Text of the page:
January 26, 2013 | 11:26 pm
Posted by Ariel Blumenthal
Remember Wael Ghonim? He’s the Egyptian (ex) Google executive that rose as a leader during the Tahrir Square days. After his release from 12 days in jail, he broke into tears during an interview, and became one of the symbols of the revolution.
A symbol - yes, political force - not so much. Secular liberals such as Ghonim, loved in the West for good reasons, can be credited with igniting the revolution, but not for being the triumphant power - The real showdown in Arab Spring countries is between dictators (such as Mubarak) and Islamists (Muslim Brotherhood). This is an epic battle decades in the making: Mubarak and his predecessors had suppressed and crushed the Brotherhood in Egypt (just like Assad the father killed 30,000 when Syrian Islamists rebelled in 1982.)
Being a religious movement of god-fearing devotees It’s not surprising that the Muslim Brotherhood managed to emerge from years of persecution and repression organized, disciplined and numerous. Come election day, the Brotherhood won 37.5% of the vote and the Salafists another 27.8%, while 3 liberal parties won 20.3% combined. Elections being a numbers game, the liberals did not stand a chance, there’s simply too little of them.
There’s nothing springy about former dictatorships turning into Islamist countries. One of the most important distinctions of Islam is its political aspect: Muslims, as early as the days of Mohammed himself, formed not only a religious community, but a political entity as well - the Caliphate - an inspiration and destiny for today’s Islamists, Muslim Brotherhood included. The Caliphate, among other strictly non-progressive characteristics, will be ruled by the unchangeable divine law, the Sharia - a clearly un-democratic idea.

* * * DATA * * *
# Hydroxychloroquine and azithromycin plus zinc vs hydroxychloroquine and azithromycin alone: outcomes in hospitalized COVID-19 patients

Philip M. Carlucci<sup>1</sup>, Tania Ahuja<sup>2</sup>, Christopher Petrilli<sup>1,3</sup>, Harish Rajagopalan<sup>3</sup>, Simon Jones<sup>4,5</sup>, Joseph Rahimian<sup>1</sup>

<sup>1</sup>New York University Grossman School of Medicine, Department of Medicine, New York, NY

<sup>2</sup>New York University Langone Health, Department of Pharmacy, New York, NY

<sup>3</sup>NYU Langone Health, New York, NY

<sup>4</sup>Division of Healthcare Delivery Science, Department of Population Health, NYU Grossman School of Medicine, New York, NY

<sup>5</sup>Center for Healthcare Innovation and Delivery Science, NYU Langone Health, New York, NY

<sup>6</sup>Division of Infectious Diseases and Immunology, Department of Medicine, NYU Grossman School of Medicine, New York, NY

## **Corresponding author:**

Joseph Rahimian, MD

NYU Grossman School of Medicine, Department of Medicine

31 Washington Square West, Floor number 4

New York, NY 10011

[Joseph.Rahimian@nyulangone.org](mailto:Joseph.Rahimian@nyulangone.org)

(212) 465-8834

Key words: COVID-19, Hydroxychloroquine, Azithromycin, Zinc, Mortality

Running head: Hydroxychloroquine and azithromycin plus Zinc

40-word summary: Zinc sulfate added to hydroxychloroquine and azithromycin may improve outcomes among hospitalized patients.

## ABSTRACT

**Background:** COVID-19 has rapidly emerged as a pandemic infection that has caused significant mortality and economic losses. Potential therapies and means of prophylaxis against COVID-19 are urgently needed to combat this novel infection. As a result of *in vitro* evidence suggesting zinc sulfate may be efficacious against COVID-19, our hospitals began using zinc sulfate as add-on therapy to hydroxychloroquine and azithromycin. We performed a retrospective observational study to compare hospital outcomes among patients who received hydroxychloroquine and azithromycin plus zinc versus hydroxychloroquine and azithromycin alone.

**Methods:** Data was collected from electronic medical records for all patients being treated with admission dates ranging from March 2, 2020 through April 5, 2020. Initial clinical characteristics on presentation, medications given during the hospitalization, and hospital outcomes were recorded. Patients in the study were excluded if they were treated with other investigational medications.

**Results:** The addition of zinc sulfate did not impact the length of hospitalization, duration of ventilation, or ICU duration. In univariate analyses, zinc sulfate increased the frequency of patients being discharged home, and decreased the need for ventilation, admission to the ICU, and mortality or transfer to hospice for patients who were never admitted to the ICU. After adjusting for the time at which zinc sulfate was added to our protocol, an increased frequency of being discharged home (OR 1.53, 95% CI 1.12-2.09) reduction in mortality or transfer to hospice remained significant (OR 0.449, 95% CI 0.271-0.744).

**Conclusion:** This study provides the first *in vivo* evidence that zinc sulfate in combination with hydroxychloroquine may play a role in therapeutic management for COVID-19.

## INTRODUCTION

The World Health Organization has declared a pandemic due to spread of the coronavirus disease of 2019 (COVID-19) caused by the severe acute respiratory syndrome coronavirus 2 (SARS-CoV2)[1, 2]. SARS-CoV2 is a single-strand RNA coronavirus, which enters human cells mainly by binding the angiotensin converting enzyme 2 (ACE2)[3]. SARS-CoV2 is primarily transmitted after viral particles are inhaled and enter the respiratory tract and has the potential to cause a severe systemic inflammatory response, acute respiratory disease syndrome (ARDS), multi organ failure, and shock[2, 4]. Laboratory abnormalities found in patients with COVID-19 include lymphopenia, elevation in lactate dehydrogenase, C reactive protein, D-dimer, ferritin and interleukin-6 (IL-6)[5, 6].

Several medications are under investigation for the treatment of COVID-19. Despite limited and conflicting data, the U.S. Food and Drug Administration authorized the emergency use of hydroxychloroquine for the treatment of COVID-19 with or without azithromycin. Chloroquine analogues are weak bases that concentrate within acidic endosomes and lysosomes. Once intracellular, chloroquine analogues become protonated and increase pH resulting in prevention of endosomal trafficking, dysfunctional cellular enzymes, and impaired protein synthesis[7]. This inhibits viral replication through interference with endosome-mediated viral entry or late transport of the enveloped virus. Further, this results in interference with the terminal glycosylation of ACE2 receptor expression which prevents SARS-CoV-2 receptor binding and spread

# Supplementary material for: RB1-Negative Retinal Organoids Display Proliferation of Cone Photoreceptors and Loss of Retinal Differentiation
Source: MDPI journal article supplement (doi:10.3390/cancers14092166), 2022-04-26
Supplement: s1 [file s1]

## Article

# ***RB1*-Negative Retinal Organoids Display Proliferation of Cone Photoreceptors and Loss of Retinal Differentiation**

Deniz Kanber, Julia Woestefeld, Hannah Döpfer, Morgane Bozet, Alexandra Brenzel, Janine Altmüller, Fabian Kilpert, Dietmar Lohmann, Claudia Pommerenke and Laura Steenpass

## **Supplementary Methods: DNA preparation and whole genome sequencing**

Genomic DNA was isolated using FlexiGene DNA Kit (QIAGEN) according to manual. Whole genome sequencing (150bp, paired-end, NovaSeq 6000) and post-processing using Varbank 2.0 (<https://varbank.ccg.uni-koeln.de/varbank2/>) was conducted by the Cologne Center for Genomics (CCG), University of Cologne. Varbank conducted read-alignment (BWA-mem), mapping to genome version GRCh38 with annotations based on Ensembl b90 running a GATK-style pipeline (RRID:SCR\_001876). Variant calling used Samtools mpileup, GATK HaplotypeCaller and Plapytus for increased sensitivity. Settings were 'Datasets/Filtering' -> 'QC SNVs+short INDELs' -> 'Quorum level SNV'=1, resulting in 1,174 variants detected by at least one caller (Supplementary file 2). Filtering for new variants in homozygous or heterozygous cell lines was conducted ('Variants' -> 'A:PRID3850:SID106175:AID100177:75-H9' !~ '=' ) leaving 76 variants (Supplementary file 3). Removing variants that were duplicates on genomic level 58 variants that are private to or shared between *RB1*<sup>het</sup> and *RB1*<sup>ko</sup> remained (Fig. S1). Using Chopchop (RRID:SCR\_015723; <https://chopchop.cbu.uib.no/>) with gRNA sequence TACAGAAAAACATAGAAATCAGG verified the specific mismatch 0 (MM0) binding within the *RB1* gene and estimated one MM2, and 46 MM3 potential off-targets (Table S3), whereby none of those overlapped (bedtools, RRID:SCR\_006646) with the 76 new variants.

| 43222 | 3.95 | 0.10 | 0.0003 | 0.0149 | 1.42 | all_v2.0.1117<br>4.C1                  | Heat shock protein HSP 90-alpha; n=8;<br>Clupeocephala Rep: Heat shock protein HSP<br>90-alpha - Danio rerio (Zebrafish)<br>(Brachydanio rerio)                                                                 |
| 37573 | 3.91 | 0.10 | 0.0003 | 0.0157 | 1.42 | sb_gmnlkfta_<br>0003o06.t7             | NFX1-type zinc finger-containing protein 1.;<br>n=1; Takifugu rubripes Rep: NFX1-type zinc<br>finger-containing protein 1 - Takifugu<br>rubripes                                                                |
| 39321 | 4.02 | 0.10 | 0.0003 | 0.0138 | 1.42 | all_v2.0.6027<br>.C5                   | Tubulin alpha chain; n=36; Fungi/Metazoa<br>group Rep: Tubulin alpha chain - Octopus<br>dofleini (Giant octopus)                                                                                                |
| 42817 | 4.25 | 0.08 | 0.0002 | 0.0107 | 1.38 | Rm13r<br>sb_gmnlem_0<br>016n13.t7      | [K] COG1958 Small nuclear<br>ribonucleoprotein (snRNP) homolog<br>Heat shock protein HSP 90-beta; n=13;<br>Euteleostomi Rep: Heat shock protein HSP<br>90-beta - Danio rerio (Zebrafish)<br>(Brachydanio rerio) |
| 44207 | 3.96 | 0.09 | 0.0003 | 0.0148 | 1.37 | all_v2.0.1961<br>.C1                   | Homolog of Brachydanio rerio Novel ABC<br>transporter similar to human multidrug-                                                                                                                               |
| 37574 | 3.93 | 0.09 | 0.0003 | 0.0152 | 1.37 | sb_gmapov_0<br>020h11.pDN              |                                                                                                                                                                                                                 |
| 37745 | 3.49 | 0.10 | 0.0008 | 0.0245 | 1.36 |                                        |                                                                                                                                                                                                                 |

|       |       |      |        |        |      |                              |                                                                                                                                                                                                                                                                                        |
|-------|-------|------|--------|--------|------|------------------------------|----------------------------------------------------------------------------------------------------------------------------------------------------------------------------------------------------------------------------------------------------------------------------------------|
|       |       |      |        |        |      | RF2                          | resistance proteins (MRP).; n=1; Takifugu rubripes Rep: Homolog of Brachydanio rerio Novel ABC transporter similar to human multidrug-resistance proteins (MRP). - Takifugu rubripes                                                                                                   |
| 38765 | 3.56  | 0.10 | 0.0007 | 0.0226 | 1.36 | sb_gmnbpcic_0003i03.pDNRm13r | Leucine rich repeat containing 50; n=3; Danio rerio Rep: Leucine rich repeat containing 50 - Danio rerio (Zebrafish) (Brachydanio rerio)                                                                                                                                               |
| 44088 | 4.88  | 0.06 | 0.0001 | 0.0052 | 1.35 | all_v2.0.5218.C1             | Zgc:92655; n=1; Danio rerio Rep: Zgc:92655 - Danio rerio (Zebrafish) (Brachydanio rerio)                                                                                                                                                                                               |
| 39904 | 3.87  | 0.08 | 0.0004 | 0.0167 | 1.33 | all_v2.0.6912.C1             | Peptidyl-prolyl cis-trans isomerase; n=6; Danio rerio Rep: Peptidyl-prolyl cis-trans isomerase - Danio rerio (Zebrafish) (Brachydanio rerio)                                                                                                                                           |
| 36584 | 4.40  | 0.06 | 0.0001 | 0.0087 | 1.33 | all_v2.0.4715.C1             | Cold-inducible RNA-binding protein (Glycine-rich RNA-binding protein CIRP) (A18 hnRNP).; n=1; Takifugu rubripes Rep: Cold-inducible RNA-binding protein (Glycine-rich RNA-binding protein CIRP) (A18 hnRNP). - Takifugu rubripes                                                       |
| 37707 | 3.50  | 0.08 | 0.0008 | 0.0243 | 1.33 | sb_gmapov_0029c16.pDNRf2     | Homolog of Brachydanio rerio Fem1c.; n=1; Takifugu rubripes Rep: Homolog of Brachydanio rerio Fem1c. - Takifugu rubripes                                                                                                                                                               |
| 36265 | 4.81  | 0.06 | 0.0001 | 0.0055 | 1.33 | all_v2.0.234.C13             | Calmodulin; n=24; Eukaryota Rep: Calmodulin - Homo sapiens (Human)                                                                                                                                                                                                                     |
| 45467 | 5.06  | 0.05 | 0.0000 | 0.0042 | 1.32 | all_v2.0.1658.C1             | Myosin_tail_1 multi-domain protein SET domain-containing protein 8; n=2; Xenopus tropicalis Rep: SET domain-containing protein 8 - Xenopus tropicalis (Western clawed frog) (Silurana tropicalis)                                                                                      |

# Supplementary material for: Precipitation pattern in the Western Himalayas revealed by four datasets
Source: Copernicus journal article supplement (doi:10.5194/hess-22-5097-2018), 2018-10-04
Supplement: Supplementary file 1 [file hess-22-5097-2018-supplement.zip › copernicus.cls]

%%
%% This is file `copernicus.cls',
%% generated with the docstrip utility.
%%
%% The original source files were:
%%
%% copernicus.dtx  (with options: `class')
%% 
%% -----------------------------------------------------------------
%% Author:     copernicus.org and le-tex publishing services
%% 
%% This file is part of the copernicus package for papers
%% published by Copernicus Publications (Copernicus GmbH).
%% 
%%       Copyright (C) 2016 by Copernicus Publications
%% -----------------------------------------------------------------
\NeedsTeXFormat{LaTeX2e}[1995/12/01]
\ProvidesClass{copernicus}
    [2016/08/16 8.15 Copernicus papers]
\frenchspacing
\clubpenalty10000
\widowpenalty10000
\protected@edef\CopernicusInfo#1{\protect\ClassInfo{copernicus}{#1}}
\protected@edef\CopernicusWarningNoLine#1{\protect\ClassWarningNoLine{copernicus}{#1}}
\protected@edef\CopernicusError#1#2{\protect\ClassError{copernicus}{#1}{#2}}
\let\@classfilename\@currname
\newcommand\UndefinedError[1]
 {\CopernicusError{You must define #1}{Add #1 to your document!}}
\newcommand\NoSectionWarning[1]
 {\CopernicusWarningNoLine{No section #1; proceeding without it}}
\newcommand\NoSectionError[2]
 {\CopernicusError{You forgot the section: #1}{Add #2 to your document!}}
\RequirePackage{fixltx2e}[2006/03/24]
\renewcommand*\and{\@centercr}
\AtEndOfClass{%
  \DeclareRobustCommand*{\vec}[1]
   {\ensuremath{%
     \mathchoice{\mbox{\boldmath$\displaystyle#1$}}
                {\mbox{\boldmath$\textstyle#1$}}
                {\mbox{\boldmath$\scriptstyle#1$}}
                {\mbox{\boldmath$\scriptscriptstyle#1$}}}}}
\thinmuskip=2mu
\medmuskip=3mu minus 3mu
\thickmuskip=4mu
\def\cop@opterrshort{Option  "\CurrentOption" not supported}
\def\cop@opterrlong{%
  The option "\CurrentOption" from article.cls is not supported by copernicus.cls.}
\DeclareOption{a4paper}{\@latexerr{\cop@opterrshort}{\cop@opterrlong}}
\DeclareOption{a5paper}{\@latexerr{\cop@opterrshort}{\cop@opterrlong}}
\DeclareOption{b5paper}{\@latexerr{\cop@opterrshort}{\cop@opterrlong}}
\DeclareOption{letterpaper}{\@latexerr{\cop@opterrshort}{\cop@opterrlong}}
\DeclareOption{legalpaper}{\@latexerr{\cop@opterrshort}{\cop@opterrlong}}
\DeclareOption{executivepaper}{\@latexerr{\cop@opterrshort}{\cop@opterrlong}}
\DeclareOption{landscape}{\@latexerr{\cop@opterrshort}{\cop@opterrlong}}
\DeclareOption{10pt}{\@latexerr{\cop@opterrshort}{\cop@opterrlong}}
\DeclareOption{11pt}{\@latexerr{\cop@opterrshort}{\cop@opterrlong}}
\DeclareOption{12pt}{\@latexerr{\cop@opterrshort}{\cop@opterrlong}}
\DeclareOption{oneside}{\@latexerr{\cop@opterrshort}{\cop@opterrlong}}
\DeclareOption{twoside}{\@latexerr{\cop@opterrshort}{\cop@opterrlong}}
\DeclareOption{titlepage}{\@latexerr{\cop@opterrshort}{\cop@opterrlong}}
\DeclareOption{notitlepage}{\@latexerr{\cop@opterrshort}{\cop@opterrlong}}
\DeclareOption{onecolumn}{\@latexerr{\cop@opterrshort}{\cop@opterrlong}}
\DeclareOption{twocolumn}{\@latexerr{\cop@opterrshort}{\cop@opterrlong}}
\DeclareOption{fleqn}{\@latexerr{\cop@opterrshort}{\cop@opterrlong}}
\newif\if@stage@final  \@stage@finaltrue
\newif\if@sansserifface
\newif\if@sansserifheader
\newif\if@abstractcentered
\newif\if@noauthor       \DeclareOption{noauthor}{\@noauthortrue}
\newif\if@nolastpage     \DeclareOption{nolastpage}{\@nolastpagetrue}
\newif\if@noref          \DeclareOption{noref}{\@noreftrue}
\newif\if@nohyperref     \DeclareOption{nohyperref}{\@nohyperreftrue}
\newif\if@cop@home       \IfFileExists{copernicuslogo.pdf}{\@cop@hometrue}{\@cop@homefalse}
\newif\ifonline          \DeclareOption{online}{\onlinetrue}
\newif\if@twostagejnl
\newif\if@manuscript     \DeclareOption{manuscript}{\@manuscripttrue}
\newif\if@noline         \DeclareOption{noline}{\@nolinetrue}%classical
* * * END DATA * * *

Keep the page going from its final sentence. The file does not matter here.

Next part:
This is not the first time an un-democratic ideology rises to power democratically. One doesn’t need to go all the way to Hitler - though one definitely may. Being a numbers game, Democracy has no solution to this problem. And indeed, since assuming office on June 30th 2012, Morsi had pulled a few aggressive move asserting himself, and pushed an Islamic-dominated constitution down seculars’ throats.
That’s why it’s so exciting to witness the liberals take the streets this past week. “Back to the squares without the Muslim Brothers and the Salafists” read Al-Ahram’s front page Friday. The Arab Spring is finally here. Two years into the revolution and coinciding with enormous anger in Port Said over last year’s soccer disaster verdicts, they got scared. The list of demands presented by the united opposition clearly reflects their fear of becoming citizens of an Islamist state. Google executives don’t live under Sharia.
It’s unclear what their chances are at resisting the Islamists. Regardless, this is where the battle against radical Islam and political Islam will be won: by Muslims rejecting Islamist ideologies and choosing progressive lives instead. Islamists thrive on grievances and the idea of “Resistance”, it’ll be interesting to see how the Brotherhood handles the crisis from a position of power. It’s not over in Egypt.
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